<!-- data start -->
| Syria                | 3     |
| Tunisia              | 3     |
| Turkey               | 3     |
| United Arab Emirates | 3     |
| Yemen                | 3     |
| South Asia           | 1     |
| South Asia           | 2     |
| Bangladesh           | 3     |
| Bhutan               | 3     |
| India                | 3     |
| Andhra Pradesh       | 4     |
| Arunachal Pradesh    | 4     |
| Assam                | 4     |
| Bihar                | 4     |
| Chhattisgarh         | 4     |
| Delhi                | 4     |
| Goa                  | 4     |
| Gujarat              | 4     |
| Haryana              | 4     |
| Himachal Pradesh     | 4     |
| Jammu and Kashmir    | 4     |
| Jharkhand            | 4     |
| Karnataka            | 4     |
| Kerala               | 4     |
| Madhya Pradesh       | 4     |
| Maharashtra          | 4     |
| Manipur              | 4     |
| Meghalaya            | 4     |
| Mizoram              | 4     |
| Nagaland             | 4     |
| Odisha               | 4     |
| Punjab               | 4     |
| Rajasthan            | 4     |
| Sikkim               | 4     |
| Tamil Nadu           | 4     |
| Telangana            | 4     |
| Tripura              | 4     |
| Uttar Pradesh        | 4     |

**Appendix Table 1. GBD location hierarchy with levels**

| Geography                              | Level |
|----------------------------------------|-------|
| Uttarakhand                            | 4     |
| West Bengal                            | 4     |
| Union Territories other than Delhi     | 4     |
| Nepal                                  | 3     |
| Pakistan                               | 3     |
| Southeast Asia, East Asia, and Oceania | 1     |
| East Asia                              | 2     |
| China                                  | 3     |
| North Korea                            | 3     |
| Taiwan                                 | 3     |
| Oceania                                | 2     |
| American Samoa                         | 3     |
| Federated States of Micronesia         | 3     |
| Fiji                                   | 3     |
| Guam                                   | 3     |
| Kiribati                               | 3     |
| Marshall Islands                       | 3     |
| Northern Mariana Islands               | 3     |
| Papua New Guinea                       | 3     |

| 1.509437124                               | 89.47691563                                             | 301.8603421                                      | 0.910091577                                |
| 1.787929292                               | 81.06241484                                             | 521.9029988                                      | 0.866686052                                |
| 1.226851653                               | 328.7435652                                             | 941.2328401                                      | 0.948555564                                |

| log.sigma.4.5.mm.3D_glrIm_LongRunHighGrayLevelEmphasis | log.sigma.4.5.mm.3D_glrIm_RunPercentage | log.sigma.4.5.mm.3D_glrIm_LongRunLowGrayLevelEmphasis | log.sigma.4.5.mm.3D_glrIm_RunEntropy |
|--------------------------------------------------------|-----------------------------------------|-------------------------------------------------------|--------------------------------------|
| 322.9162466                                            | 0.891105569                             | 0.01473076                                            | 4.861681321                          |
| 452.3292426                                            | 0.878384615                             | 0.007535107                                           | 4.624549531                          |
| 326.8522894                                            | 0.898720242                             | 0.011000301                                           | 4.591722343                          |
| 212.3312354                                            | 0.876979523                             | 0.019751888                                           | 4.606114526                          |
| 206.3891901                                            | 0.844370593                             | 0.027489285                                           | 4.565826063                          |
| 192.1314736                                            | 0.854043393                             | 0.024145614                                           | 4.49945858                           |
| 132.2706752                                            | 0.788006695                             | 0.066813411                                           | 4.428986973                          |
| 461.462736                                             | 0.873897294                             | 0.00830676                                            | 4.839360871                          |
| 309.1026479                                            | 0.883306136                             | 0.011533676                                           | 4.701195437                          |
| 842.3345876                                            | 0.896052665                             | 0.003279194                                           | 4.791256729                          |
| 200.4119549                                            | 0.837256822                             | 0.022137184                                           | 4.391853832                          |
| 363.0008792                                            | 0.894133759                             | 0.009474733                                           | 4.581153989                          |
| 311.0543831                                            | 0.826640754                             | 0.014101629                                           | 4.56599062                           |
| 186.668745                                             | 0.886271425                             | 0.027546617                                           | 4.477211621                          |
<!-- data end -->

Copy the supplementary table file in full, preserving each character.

| Syria                | 3     |
| Tunisia              | 3     |
| Turkey               | 3     |
| United Arab Emirates | 3     |
| Yemen                | 3     |
| South Asia           | 1     |
| South Asia           | 2     |
| Bangladesh           | 3     |
| Bhutan               | 3     |
| India                | 3     |
| Andhra Pradesh       | 4     |
| Arunachal Pradesh    | 4     |
| Assam                | 4     |
| Bihar                | 4     |
| Chhattisgarh         | 4     |
| Delhi                | 4     |
| Goa                  | 4     |
| Gujarat              | 4     |
| Haryana              | 4     |
| Himachal Pradesh     | 4     |
| Jammu and Kashmir    | 4     |
| Jharkhand            | 4     |
| Karnataka            | 4     |
| Kerala               | 4     |
| Madhya Pradesh       | 4     |
| Maharashtra          | 4     |
| Manipur              | 4     |
| Meghalaya            | 4     |
| Mizoram              | 4     |
| Nagaland             | 4     |
| Odisha               | 4     |
| Punjab               | 4     |
| Rajasthan            | 4     |
| Sikkim               | 4     |
| Tamil Nadu           | 4     |
| Telangana            | 4     |
| Tripura              | 4     |
| Uttar Pradesh        | 4     |

**Appendix Table 1. GBD location hierarchy with levels**

| Geography                              | Level |
|----------------------------------------|-------|
| Uttarakhand                            | 4     |
| West Bengal                            | 4     |
| Union Territories other than Delhi     | 4     |
| Nepal                                  | 3     |
| Pakistan                               | 3     |
| Southeast Asia, East Asia, and Oceania | 1     |
| East Asia                              | 2     |
| China                                  | 3     |
| North Korea                            | 3     |
| Taiwan                                 | 3     |
| Oceania                                | 2     |
| American Samoa                         | 3     |
| Federated States of Micronesia         | 3     |
| Fiji                                   | 3     |
| Guam                                   | 3     |
| Kiribati                               | 3     |
| Marshall Islands                       | 3     |
| Northern Mariana Islands               | 3     |
| Papua New Guinea                       | 3     |

| 1.509437124                               | 89.47691563                                             | 301.8603421                                      | 0.910091577                                |
| 1.787929292                               | 81.06241484                                             | 521.9029988                                      | 0.866686052                                |
| 1.226851653                               | 328.7435652                                             | 941.2328401                                      | 0.948555564                                |

| log.sigma.4.5.mm.3D_glrIm_LongRunHighGrayLevelEmphasis | log.sigma.4.5.mm.3D_glrIm_RunPercentage | log.sigma.4.5.mm.3D_glrIm_LongRunLowGrayLevelEmphasis | log.sigma.4.5.mm.3D_glrIm_RunEntropy |
|--------------------------------------------------------|-----------------------------------------|-------------------------------------------------------|--------------------------------------|
| 322.9162466                                            | 0.891105569                             | 0.01473076                                            | 4.861681321                          |
| 452.3292426                                            | 0.878384615                             | 0.007535107                                           | 4.624549531                          |
| 326.8522894                                            | 0.898720242                             | 0.011000301                                           | 4.591722343                          |
| 212.3312354                                            | 0.876979523                             | 0.019751888                                           | 4.606114526                          |
| 206.3891901                                            | 0.844370593                             | 0.027489285                                           | 4.565826063                          |
| 192.1314736                                            | 0.854043393                             | 0.024145614                                           | 4.49945858                           |
| 132.2706752                                            | 0.788006695                             | 0.066813411                                           | 4.428986973                          |
| 461.462736                                             | 0.873897294                             | 0.00830676                                            | 4.839360871                          |
| 309.1026479                                            | 0.883306136                             | 0.011533676                                           | 4.701195437                          |
| 842.3345876                                            | 0.896052665                             | 0.003279194                                           | 4.791256729                          |
| 200.4119549                                            | 0.837256822                             | 0.022137184                                           | 4.391853832                          |
| 363.0008792                                            | 0.894133759                             | 0.009474733                                           | 4.581153989                          |
| 311.0543831                                            | 0.826640754                             | 0.014101629                                           | 4.56599062                           |
| 186.668745                                             | 0.886271425                             | 0.027546617                                           | 4.477211621                          |